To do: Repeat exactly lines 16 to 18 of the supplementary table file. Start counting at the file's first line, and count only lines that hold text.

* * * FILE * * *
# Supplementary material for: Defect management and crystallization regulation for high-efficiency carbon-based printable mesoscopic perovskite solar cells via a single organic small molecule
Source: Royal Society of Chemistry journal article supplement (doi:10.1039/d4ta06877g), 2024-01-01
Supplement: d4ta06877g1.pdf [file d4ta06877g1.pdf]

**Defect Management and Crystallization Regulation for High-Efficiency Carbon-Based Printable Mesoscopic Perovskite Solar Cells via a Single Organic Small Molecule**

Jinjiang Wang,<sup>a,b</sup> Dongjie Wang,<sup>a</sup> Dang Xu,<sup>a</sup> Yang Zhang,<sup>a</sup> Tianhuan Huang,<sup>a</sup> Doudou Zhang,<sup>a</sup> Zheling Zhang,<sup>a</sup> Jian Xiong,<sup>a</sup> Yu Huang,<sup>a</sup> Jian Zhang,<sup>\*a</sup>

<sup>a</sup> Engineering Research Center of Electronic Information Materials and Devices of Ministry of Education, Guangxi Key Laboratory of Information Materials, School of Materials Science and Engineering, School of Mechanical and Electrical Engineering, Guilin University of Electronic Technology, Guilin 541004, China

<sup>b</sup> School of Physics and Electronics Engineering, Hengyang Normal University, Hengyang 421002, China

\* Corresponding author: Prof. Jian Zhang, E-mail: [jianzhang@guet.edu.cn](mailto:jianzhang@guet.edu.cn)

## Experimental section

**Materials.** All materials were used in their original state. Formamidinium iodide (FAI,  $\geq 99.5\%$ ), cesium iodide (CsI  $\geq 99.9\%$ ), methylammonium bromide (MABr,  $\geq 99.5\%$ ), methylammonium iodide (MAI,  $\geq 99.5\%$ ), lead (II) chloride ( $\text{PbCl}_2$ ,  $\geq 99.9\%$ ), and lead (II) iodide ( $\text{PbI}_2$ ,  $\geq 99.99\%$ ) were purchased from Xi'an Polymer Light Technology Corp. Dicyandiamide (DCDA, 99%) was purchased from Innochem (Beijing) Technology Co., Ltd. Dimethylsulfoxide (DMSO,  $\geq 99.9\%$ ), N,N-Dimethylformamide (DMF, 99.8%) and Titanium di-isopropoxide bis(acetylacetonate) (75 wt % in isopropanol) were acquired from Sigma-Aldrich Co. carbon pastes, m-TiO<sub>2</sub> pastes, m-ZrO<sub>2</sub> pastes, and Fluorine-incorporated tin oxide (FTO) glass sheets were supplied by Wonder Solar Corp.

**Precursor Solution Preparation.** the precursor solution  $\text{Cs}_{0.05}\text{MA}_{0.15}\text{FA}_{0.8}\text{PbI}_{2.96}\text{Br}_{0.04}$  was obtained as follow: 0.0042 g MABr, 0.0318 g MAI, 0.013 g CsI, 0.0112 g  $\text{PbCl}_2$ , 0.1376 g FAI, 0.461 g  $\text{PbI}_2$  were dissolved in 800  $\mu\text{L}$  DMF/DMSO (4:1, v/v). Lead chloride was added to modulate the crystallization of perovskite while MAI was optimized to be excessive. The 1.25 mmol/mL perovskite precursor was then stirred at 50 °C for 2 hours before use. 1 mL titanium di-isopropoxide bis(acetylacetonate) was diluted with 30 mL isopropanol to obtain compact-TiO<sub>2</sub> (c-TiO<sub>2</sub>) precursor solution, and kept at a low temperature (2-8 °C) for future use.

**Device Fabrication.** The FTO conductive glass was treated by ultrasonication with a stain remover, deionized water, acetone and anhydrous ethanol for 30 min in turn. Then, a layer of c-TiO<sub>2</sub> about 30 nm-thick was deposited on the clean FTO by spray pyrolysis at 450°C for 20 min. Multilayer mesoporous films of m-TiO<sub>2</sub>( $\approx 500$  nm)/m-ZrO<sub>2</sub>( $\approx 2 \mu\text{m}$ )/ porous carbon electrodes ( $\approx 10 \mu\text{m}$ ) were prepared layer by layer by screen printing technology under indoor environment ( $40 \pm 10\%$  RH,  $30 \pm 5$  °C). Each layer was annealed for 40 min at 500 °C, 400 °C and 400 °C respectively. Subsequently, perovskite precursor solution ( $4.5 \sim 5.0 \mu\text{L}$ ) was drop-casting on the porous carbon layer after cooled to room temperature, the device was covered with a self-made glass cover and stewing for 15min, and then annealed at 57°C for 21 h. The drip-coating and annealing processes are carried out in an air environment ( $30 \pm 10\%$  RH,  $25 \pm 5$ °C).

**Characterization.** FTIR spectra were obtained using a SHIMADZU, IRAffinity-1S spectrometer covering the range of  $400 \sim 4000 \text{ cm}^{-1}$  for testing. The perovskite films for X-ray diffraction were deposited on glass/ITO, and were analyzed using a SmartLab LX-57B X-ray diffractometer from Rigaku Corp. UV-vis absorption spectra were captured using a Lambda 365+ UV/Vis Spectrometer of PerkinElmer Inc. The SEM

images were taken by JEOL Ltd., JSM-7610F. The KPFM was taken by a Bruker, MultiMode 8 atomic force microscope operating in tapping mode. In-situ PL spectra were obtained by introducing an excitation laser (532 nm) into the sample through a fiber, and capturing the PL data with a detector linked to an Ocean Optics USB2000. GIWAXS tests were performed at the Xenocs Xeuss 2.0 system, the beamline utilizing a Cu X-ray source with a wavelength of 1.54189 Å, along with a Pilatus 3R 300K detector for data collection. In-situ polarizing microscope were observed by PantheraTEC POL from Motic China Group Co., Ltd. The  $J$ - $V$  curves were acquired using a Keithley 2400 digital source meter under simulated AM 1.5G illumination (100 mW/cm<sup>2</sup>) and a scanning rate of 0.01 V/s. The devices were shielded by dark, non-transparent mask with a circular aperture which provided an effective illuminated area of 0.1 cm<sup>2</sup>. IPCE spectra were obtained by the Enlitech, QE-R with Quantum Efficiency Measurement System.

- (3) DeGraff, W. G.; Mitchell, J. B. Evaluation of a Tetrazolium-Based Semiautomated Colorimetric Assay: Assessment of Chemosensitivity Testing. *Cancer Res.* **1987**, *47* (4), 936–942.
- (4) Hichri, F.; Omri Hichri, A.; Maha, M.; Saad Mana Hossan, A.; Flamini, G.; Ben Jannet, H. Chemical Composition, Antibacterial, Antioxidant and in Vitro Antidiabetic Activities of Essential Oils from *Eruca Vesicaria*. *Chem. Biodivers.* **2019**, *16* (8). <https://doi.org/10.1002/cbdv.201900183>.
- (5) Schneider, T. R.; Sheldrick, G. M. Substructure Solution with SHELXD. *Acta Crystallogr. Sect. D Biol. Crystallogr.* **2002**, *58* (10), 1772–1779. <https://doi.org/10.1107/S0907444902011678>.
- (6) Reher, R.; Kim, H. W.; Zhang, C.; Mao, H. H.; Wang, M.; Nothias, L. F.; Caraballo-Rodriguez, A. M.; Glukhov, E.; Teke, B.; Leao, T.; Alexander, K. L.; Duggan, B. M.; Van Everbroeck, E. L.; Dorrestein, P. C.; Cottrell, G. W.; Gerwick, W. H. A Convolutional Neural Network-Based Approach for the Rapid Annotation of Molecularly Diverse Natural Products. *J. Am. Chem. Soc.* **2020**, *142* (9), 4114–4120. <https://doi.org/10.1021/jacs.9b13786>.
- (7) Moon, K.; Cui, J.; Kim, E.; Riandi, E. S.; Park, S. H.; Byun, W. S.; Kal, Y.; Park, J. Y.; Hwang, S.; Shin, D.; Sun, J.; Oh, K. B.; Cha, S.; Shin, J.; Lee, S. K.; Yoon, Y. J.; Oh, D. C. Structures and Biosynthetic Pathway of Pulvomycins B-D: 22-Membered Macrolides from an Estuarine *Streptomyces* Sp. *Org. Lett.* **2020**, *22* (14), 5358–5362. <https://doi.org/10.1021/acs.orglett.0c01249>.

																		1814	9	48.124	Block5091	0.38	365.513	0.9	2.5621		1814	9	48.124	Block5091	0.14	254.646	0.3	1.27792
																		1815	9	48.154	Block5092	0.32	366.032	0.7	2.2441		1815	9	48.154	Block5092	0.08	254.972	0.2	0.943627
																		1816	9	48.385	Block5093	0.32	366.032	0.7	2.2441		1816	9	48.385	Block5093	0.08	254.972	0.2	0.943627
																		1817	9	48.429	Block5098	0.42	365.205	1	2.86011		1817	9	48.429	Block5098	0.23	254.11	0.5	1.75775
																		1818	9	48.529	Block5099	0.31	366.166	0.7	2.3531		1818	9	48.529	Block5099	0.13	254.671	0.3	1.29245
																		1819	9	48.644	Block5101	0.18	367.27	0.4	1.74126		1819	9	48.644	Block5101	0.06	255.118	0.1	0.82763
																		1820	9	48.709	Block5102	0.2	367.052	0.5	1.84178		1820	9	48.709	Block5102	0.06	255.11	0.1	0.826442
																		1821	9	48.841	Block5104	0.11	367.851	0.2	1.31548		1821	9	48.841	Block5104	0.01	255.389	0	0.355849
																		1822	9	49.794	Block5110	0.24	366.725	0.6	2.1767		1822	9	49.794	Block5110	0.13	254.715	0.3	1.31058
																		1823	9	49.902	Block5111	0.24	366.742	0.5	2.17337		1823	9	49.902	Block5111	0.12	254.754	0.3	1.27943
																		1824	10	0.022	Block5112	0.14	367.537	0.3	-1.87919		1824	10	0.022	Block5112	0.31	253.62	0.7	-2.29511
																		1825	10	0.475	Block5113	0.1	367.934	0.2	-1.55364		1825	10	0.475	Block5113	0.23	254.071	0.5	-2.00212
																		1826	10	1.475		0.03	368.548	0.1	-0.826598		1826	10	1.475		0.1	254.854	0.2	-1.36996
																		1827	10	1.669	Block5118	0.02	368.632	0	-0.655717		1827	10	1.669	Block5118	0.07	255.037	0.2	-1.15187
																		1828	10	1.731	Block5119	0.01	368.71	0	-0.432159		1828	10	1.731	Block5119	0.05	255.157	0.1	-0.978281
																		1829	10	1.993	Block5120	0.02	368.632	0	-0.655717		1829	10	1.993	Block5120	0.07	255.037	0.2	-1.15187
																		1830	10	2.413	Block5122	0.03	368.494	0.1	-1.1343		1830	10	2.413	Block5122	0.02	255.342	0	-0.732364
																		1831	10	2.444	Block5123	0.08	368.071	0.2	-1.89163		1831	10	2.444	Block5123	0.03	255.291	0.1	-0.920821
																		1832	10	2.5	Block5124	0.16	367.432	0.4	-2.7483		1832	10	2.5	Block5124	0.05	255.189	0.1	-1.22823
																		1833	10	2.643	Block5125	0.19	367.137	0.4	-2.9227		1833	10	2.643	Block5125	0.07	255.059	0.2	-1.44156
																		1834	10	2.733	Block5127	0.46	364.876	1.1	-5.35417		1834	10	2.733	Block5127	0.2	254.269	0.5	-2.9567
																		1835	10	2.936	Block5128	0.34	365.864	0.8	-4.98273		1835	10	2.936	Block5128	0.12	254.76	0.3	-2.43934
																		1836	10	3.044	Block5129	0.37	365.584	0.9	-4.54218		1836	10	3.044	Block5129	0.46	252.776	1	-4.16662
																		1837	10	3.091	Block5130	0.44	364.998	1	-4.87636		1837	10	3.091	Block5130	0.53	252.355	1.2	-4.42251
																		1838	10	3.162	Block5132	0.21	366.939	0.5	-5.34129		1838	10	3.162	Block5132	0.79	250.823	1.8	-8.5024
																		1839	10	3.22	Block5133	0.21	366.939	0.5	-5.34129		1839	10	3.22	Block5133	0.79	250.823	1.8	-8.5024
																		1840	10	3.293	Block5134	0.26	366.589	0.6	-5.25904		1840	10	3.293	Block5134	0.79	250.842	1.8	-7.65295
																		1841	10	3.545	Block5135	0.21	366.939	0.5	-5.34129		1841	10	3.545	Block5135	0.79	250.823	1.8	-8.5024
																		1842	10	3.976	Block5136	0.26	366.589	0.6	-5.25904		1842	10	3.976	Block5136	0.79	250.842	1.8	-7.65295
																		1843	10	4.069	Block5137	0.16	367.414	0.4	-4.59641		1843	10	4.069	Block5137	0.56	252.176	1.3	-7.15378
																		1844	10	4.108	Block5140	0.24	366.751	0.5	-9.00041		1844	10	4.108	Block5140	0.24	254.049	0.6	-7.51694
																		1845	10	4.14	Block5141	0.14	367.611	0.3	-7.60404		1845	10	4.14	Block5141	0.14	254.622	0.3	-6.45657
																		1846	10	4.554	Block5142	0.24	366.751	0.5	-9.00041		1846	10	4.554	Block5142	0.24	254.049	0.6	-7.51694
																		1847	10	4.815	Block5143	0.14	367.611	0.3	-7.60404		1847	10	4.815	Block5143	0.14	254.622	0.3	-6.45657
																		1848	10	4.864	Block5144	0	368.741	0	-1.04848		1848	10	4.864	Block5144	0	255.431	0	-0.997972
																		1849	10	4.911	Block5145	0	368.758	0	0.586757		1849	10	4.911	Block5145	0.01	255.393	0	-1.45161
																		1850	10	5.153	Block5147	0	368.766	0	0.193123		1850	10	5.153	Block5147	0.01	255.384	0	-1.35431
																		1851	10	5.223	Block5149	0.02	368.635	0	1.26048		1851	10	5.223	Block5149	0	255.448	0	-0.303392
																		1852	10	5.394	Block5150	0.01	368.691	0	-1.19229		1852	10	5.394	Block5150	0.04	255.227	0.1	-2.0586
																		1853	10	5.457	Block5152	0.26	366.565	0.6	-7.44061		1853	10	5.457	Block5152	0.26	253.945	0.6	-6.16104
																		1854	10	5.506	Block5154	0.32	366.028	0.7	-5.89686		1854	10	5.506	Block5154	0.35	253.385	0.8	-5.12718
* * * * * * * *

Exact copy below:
- (4) Hichri, F.; Omri Hichri, A.; Maha, M.; Saad Mana Hossan, A.; Flamini, G.; Ben Jannet, H. Chemical Composition, Antibacterial, Antioxidant and in Vitro Antidiabetic Activities of Essential Oils from *Eruca Vesicaria*. *Chem. Biodivers.* **2019**, *16* (8). <https://doi.org/10.1002/cbdv.201900183>.
- (5) Schneider, T. R.; Sheldrick, G. M. Substructure Solution with SHELXD. *Acta Crystallogr. Sect. D Biol. Crystallogr.* **2002**, *58* (10), 1772–1779. <https://doi.org/10.1107/S0907444902011678>.
- (6) Reher, R.; Kim, H. W.; Zhang, C.; Mao, H. H.; Wang, M.; Nothias, L. F.; Caraballo-Rodriguez, A. M.; Glukhov, E.; Teke, B.; Leao, T.; Alexander, K. L.; Duggan, B. M.; Van Everbroeck, E. L.; Dorrestein, P. C.; Cottrell, G. W.; Gerwick, W. H. A Convolutional Neural Network-Based Approach for the Rapid Annotation of Molecularly Diverse Natural Products. *J. Am. Chem. Soc.* **2020**, *142* (9), 4114–4120. <https://doi.org/10.1021/jacs.9b13786>.